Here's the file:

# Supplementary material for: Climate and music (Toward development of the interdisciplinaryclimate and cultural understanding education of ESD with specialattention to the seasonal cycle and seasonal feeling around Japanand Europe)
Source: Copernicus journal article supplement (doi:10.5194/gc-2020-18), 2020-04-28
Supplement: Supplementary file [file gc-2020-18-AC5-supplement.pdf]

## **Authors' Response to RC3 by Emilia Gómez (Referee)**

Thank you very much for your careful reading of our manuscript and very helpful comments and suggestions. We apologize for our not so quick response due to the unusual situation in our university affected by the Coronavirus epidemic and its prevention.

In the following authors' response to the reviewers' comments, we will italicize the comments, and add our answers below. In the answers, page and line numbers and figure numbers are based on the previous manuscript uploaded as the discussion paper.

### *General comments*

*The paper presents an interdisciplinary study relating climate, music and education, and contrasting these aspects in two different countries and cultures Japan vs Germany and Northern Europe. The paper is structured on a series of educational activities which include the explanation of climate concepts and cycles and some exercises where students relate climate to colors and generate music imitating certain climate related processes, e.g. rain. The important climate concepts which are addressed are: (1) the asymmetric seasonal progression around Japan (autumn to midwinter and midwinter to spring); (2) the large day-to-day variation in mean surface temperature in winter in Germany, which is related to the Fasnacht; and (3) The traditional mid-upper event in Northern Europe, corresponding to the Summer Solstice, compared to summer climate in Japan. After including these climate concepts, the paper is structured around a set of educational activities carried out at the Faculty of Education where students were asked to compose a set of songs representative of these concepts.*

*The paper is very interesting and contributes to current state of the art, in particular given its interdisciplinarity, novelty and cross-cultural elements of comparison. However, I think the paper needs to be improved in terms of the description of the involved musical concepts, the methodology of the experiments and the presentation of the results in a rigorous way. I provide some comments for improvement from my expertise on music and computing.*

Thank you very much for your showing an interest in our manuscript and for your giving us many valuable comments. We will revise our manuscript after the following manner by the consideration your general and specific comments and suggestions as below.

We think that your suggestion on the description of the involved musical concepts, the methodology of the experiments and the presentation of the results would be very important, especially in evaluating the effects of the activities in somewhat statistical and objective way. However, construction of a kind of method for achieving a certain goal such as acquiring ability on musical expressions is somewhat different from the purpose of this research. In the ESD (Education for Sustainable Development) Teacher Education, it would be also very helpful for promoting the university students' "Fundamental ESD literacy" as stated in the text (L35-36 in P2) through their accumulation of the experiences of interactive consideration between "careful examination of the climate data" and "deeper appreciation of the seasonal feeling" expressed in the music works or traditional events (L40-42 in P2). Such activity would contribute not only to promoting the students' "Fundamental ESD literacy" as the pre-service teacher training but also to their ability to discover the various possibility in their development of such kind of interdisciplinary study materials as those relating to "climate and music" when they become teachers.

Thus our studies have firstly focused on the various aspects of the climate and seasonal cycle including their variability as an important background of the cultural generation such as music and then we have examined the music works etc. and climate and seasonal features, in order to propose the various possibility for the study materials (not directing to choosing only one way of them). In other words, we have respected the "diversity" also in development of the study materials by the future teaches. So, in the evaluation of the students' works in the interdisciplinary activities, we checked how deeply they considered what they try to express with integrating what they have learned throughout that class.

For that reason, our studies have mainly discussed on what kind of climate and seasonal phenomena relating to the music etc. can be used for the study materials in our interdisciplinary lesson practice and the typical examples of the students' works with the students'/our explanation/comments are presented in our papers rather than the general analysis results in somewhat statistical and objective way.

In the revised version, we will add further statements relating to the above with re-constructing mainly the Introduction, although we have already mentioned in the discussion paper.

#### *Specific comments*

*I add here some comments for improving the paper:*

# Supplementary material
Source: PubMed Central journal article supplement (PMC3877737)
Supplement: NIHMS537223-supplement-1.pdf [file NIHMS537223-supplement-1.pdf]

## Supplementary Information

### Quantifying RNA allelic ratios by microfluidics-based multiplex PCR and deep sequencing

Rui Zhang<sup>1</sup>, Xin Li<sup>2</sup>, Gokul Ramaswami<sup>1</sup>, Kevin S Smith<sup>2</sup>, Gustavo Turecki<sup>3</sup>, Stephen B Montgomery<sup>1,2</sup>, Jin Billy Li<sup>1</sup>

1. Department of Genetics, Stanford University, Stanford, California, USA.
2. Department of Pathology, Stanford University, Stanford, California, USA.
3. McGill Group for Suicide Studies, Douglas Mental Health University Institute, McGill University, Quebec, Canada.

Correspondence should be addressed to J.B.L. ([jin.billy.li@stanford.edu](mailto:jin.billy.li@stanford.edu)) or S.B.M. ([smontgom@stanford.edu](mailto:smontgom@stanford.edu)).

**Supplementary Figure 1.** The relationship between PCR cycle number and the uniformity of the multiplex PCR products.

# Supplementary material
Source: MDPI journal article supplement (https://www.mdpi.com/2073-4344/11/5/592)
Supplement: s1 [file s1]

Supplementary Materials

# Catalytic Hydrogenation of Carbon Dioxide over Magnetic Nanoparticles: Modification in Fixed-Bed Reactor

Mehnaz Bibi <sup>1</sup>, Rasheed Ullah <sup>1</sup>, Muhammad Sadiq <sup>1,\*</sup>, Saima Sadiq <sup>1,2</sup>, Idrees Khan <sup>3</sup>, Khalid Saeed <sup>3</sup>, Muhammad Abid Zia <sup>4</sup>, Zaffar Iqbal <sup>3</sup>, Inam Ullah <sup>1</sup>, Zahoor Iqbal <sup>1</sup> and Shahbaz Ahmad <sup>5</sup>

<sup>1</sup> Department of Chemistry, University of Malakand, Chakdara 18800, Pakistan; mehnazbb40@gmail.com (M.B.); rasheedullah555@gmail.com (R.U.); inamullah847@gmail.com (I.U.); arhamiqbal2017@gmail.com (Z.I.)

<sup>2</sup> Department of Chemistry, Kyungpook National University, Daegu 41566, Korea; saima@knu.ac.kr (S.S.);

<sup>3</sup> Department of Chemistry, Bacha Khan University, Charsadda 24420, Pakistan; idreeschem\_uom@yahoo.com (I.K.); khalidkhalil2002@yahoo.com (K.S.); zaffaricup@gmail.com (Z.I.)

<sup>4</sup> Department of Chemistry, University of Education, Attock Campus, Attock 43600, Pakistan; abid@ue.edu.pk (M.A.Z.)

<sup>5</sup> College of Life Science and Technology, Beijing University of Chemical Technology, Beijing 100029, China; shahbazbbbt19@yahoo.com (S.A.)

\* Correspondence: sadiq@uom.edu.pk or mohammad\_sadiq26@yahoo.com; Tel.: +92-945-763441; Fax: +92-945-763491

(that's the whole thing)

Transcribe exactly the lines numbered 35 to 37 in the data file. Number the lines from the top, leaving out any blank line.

<sup>2</sup> Department of Chemistry, Kyungpook National University, Daegu 41566, Korea; saima@knu.ac.kr (S.S.);

<sup>3</sup> Department of Chemistry, Bacha Khan University, Charsadda 24420, Pakistan; idreeschem\_uom@yahoo.com (I.K.); khalidkhalil2002@yahoo.com (K.S.); zaffaricup@gmail.com (Z.I.)

<sup>4</sup> Department of Chemistry, University of Education, Attock Campus, Attock 43600, Pakistan; abid@ue.edu.pk (M.A.Z.)